But unlike Notre Dame de Paris, which escaped most damage during WWII –despite the French capital being subject to aerial bombing by both German and Allied forces—the Cologne Cathedral was hit 14 times by American and British aerial bombing raids between 1942 and 1943. By the end of the war, 90 percent of Cologne’s city center was in ruins, with just the city’s cathedral, now roofless and pockmarked by bullets, rising from the center of an otherwise leveled city.
The post-war fate of Europe’s damaged cathedrals varied depending on geography, politics, and extent of destruction: The ruins of Britain’s Coventry Cathedral, for instance, were left unrestored and incorporated into a modernist house of worship as a reminder of the ravages of war. In the eastern half of Europe that ended up behind the Iron Curtain, many damaged Gothic churches, such as Dresden’s Sophienkirche, were considered symbols of a pre-war, pre-Socialist past, and simply bulldozed.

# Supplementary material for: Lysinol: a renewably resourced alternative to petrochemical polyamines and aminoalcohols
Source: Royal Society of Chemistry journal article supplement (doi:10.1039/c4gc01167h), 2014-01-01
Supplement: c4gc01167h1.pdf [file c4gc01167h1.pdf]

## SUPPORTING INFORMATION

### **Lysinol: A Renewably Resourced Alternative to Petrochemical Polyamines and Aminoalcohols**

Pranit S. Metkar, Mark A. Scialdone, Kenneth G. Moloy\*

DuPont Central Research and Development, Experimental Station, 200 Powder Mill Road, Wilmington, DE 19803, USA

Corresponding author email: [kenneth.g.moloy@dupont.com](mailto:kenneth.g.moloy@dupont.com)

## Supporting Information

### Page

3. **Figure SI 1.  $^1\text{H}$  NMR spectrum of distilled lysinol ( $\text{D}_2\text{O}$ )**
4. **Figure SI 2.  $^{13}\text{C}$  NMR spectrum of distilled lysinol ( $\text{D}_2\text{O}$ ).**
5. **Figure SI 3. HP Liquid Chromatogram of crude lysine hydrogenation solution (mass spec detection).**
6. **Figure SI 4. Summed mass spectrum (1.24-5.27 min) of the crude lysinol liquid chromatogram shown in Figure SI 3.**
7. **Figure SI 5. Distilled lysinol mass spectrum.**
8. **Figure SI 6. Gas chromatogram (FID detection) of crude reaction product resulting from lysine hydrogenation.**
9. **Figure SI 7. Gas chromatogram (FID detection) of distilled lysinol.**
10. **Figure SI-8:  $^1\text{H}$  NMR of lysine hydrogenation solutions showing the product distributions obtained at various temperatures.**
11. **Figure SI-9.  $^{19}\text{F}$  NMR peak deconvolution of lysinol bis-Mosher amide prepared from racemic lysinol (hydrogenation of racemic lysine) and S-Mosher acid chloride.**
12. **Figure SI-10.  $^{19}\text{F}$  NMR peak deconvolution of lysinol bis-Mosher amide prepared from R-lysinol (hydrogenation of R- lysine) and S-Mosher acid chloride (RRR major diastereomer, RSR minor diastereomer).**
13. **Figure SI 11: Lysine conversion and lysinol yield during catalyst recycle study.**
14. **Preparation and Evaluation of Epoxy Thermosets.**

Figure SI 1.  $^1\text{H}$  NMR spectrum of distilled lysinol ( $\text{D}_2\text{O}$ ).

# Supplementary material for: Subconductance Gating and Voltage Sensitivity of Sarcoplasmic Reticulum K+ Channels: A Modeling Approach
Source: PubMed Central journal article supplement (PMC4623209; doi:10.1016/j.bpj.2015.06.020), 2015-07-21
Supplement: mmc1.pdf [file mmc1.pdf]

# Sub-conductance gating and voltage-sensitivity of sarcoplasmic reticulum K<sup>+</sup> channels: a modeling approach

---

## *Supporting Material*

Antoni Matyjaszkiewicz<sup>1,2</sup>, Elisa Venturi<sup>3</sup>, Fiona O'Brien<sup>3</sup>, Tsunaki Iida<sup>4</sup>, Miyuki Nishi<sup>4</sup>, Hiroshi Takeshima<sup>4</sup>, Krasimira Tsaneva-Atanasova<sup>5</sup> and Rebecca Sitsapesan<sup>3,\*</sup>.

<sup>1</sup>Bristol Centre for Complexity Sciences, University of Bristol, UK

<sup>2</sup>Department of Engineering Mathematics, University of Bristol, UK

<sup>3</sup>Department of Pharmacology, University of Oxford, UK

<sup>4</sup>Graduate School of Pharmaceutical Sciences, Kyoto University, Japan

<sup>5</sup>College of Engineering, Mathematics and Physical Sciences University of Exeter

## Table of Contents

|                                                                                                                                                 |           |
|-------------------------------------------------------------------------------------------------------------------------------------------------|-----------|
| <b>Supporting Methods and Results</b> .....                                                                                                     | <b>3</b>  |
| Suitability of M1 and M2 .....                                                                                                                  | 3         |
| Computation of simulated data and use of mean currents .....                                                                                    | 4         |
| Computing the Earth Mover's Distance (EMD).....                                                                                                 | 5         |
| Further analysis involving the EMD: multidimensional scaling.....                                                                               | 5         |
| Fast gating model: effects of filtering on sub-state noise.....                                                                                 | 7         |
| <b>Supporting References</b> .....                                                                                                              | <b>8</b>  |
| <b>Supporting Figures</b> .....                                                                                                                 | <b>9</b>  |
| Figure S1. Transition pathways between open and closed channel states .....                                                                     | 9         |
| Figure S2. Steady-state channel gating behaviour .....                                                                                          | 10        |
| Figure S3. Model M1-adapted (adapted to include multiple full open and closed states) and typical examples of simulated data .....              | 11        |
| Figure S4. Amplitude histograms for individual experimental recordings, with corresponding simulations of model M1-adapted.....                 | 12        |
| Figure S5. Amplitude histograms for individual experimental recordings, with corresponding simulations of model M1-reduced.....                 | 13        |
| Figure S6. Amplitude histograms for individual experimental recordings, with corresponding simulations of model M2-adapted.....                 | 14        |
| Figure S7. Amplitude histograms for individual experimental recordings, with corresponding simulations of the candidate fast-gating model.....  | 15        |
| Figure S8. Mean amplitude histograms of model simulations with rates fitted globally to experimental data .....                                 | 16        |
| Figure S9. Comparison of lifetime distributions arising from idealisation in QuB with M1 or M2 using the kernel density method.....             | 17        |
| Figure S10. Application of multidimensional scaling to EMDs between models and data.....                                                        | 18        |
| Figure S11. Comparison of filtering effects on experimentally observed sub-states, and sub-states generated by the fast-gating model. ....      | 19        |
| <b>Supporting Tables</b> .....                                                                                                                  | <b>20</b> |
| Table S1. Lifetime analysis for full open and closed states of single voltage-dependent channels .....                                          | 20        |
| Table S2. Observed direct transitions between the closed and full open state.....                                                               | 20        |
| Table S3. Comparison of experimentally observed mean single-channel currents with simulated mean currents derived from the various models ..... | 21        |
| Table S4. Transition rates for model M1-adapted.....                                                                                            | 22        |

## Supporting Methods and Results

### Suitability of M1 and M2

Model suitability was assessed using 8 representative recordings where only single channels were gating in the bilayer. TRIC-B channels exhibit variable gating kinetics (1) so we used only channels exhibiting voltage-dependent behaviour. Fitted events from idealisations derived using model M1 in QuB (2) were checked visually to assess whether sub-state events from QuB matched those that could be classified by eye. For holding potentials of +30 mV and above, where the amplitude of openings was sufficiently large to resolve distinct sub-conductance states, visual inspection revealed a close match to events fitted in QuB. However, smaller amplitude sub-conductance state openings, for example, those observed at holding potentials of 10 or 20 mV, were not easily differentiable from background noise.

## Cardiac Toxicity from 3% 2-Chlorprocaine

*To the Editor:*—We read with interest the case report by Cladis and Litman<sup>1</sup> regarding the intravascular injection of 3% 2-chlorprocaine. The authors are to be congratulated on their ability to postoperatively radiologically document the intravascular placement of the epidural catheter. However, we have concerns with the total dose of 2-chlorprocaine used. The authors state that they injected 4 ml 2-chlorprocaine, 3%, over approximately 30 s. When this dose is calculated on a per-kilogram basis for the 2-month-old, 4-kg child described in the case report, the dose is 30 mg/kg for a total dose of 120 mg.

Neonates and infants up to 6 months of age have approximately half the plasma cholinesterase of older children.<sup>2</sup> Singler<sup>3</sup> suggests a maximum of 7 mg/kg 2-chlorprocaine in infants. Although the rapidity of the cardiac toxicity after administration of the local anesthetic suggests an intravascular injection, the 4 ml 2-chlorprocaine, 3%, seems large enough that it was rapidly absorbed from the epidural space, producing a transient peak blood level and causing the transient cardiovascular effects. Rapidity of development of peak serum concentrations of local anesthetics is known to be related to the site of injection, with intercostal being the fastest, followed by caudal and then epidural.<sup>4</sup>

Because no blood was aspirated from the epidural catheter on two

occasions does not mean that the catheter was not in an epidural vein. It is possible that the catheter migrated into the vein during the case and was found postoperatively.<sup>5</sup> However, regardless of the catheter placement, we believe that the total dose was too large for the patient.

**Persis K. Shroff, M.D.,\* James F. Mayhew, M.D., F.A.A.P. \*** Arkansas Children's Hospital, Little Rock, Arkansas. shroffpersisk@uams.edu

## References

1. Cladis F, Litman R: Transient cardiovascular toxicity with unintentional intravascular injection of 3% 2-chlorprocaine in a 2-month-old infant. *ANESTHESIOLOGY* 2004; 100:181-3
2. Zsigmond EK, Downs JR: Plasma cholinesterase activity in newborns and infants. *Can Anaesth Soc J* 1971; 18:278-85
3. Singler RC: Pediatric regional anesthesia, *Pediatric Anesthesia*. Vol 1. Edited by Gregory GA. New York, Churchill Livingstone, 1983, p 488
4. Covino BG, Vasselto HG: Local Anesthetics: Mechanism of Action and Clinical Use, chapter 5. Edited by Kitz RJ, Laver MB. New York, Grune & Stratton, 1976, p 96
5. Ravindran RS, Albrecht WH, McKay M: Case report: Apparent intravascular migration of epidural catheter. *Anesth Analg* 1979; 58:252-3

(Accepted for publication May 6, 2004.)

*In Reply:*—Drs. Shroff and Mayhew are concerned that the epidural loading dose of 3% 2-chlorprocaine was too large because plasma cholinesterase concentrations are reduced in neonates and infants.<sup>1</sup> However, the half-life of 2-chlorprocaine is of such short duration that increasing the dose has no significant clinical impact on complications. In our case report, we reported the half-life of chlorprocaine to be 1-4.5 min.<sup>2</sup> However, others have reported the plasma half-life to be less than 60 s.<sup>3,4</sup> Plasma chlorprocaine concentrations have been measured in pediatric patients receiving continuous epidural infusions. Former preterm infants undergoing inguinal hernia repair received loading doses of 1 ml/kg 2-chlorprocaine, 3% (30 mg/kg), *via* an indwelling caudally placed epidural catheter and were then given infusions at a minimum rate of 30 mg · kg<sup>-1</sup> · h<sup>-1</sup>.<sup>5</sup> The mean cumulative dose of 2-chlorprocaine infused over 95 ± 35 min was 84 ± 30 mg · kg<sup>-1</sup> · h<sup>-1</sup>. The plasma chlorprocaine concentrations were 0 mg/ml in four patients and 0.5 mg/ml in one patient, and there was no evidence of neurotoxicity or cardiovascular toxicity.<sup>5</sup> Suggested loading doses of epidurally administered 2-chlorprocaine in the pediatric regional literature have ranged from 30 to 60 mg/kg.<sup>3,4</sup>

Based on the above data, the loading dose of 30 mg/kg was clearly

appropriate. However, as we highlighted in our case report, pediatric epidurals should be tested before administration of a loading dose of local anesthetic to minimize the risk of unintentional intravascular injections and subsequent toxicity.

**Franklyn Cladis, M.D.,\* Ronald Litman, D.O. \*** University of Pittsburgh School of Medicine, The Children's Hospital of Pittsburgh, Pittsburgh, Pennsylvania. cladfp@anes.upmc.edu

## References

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In a defeated and occupied western Germany immediately after the war, reconstruction efforts varied from city to city. The citizens of Cologne, backed by a wealthy diocese and funding from the international Catholic community, chose to make the reconstruction of their cathedral a priority. By 1948—before the creation of a national German government or the arrival of the Marshall Plan—the principal apse of the Cologne Cathedral, where the high altar is located, had been rebuilt in celebration of the building’s 700th anniversary. By 1956, just 11 years after the end of WWII, masses were being conducted beneath the cathedral’s reconstructed nave.
Unlike the hasty stabilizing work performed on the Cologne Cathedral in the first decade following the war, the rebuilding of Notre Dame will be guided by a series of cultural heritage conventions adopted by the international community in the years and decades following WWII. These conventions meticulously prescribe the methods and materials that should be used in modern restorations, making Macron’s five-year rebuilding plan—or even a 10-year-plan—extremely unlikely. Even the current chief architect of Cologne Cathedral, in the days following the Notre Dame fire, opined that the reconstruction of the beloved French cathedral would likely take decades.